New insights into cognitive decline

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Dementia and cognitive decline are major health problems in Australia. The associated health consequences are profound for the sufferer as well as for their families and friends. While dementia is not an inevitable part of ageing, it does primarily affect older people. Thus, we can expect cognitive impairment to be an increasingly prevalent condition as a consequence of Australia’s growing aged population.

A number of common risk factors have been identified for cognitive decline. These include a lack of mental activity, smoking, heavy alcohol use, lack of physical exercise, malnutrition, chronic stress, high blood pressure, diabetes, atherosclerosis, depression, social isolation and having a specific gene (APOE-e4) linked to Alzheimer’s disease. The good news is many of these risk factors are in fact manageable. In addition, there is a growing body of encouraging research supporting the therapeutic use of specific nutritional supplements. The protective benefits of mixed vitamin E isomers have been found to reduce the risk and progression of cognitive impairment in older adults. While alpha-tocopherol has been the main focus of investigation in studies of cognitive impairment and Alzheimer’s disease, vitamin E actually includes eight natural antioxidant compounds (four tocopherols and four tocotrienols). Recent studies involving these additional isomer forms have yielded encouraging results. Considering that the brain is particularly vulnerable to oxidative stress, which is thought to play a role in the pathology of neurodegenerative diseases, a mixed tocopherol and tocotrienol supplement may be a worthy consideration. Likewise, omega-3 supplementation has been the subject of much interest and study in relation to age-related neurodegeneration. Several recent papers published earlier this year have demonstrated that omega-3 supplementation improves brain volume and delays cognitive decline in older adults.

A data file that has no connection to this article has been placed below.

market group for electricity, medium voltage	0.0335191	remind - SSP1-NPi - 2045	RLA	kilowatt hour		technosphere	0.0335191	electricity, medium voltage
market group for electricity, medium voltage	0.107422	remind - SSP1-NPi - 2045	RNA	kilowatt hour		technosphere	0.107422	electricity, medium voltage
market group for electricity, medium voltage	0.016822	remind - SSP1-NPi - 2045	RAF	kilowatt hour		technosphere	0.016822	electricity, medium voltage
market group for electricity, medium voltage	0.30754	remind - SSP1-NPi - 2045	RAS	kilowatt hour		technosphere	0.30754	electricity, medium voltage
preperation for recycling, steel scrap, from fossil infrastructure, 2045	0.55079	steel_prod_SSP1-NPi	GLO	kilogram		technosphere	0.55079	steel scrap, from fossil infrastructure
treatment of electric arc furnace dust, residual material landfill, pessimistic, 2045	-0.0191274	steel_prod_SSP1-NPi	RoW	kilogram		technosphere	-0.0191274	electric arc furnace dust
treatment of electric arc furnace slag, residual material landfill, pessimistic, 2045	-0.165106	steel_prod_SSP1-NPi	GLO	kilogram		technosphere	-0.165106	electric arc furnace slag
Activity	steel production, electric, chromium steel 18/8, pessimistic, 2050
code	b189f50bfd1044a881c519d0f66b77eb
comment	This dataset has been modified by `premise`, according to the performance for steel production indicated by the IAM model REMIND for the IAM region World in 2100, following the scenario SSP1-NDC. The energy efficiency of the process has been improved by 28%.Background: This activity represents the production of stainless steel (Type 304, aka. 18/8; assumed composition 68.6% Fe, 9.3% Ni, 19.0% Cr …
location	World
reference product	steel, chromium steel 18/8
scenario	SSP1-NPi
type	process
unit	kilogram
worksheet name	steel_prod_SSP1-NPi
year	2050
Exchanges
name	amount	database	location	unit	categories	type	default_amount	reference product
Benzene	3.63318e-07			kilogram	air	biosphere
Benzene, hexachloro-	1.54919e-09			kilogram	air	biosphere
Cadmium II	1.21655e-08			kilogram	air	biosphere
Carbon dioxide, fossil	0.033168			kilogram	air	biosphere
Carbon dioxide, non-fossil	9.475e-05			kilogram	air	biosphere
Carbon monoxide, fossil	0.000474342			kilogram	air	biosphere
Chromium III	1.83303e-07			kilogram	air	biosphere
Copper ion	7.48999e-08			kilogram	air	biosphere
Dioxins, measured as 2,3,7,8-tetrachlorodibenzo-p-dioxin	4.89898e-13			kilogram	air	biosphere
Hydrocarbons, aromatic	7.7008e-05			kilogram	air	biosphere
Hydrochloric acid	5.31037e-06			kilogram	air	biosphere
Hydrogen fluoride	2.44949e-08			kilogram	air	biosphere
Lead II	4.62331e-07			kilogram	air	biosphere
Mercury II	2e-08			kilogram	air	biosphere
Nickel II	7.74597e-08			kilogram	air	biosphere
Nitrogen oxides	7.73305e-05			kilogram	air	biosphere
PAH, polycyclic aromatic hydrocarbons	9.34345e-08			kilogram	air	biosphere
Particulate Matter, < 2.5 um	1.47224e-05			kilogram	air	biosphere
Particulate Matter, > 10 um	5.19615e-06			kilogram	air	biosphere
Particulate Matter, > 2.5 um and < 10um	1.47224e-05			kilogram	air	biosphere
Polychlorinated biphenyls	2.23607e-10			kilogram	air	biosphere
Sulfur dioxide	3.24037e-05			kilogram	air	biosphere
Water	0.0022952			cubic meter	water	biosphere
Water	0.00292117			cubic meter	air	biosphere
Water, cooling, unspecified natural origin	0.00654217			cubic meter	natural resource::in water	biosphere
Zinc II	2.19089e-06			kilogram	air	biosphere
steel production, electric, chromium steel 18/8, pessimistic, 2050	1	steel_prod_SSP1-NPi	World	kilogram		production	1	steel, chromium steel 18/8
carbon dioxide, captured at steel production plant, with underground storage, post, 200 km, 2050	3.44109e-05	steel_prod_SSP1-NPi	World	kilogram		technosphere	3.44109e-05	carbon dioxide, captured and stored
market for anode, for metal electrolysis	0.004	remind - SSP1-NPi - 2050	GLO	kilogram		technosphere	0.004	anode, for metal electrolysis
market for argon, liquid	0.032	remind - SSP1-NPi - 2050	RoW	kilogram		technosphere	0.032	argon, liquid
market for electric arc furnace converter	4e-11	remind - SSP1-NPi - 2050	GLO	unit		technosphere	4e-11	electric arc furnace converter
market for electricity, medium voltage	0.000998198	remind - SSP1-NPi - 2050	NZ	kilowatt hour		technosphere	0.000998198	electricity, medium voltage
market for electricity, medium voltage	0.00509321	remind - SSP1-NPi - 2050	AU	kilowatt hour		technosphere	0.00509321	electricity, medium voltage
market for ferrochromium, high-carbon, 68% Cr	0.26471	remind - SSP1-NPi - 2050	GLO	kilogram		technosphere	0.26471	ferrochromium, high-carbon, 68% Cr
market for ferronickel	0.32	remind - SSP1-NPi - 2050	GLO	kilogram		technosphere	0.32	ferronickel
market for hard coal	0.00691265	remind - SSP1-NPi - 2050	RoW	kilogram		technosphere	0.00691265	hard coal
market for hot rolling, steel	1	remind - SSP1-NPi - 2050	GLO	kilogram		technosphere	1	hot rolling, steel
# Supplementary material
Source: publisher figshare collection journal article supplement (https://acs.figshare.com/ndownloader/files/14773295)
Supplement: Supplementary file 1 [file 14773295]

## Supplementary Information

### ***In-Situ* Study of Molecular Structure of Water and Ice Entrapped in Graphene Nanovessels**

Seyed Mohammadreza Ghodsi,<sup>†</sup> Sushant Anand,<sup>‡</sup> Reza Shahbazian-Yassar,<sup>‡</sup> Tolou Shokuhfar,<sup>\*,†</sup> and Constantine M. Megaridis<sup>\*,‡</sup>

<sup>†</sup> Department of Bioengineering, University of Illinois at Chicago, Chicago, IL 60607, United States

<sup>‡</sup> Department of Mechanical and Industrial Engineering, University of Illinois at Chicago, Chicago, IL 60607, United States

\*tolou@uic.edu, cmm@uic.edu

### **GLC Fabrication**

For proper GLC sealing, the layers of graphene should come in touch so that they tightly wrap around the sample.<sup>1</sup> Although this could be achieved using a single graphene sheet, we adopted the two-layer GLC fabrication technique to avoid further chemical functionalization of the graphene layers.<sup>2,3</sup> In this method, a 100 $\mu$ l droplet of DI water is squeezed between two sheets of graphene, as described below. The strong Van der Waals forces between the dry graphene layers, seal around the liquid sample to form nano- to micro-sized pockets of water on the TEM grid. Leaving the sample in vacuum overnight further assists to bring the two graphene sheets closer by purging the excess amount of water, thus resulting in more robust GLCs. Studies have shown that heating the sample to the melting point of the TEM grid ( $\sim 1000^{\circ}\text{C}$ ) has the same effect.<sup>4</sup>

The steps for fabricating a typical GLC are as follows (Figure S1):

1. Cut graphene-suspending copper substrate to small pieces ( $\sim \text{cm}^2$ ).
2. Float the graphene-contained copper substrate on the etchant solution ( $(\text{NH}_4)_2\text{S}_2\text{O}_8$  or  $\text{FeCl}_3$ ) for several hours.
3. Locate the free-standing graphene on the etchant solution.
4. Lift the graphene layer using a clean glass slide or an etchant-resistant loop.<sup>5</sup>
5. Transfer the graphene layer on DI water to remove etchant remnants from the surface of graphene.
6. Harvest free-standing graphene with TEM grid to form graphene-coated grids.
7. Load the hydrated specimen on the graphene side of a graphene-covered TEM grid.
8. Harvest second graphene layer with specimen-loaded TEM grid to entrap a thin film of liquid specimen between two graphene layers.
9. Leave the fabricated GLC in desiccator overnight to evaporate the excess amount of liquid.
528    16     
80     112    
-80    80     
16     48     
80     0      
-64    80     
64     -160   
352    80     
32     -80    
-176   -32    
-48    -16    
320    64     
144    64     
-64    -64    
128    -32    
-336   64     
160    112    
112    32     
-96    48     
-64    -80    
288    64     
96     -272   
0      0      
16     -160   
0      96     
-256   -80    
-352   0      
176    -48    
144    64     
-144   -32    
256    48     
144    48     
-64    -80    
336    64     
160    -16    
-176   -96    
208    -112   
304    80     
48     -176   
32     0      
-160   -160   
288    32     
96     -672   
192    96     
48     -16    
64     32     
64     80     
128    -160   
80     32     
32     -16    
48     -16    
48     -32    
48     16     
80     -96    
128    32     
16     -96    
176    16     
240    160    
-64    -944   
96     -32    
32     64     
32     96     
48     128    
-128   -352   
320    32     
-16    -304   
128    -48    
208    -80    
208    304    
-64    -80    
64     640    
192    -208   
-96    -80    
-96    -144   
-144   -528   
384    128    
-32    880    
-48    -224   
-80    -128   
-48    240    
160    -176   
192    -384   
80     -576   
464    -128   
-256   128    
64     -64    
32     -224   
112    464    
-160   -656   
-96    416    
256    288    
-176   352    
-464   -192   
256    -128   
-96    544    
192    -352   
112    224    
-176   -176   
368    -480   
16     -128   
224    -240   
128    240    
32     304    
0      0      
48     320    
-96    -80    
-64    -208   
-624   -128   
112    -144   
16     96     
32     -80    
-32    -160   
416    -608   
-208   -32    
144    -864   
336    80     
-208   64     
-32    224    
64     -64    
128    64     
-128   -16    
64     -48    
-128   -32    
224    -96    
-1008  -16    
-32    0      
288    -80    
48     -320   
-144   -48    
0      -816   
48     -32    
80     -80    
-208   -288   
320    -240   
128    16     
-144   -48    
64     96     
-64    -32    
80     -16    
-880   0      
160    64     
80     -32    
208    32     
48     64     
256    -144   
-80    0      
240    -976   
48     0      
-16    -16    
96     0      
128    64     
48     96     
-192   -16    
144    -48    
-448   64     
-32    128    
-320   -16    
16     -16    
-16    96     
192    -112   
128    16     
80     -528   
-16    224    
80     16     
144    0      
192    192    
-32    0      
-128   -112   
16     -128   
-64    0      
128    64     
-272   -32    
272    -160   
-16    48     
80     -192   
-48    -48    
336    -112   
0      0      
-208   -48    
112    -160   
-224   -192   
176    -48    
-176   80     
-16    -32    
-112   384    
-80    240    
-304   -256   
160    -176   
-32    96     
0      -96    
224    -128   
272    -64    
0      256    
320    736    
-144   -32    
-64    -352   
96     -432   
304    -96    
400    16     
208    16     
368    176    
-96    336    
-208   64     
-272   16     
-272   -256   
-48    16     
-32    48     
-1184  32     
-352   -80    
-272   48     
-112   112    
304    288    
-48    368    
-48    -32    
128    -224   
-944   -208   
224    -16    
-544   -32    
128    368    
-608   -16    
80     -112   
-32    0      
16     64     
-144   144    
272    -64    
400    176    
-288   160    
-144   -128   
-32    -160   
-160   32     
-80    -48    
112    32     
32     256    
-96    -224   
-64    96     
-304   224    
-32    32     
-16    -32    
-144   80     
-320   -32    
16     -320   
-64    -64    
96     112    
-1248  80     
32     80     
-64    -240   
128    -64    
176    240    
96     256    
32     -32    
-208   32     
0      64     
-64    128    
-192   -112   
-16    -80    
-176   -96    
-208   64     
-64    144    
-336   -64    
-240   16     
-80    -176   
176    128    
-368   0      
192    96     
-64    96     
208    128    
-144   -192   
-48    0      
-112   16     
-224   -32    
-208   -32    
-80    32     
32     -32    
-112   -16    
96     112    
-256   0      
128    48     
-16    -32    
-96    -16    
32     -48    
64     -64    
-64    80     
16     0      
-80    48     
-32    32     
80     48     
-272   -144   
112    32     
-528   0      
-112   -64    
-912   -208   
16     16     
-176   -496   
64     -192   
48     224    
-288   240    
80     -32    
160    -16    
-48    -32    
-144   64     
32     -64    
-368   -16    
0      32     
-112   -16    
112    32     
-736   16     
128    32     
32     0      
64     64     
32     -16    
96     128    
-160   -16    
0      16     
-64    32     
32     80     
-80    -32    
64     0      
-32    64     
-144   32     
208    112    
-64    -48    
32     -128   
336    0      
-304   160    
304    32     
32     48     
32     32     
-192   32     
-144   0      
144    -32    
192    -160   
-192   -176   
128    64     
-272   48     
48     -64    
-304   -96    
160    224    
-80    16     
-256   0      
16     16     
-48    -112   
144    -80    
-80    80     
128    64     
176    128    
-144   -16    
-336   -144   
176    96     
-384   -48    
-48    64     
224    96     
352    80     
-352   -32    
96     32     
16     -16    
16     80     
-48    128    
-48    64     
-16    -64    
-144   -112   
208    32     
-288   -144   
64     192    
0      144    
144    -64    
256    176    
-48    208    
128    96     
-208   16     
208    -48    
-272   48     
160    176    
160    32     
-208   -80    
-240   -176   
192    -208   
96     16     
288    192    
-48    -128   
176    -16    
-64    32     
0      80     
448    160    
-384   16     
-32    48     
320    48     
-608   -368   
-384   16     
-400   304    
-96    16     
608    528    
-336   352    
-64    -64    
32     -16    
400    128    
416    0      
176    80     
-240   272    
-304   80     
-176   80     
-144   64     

In this infographic we focus on the research evaluating the benefits of these important nutrients in dementia and cognitive impairment. We also explore some of the proposed mechanisms that may explain their neuroprotective properties.

REFERENCES

  1. Statistics. Alzheimers Australia 2014. [Source]
     
  2. Dementia. Mayo Clinic 2014. [Source]
     
  3. What is dementia? Alzheimer’s Australia 2014. [Source]
     
  4. Gopalan Y, Shuaib IL, Magosso E, et al.  Clinical investigation of the protective effects of palm vitamin E tocotrienols on brain white matter. Stroke 2014;45(5):1422-1428. [Full text]
     
  5. Sen CK, Khanna S, Roy S. Tocotrienol: the natural vitamin E to defend the nervous system? Ann N Y Acad Sci 2004;1031:127-142. [Full text]
     
  6. Sinn N, Milte C, Howe PRC. Oiling the brain: a review of randomized controlled trials of omega-3 fatty acids in psychopathology across the lifespan. Nutrients 2010;2:128-170. [Full text]
 

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Melissa Lee
Melissa is a designer turned nutritionist, who for the past 6 years has been combining the two modalities to create purposeful designs for various health publications and websites. Having initially studied Multimedia Systems Design, she then went on to complete a BHSc in Nutritional Medicine which led to her involvement in the integrative medicine industry and eventually to FX Medicine.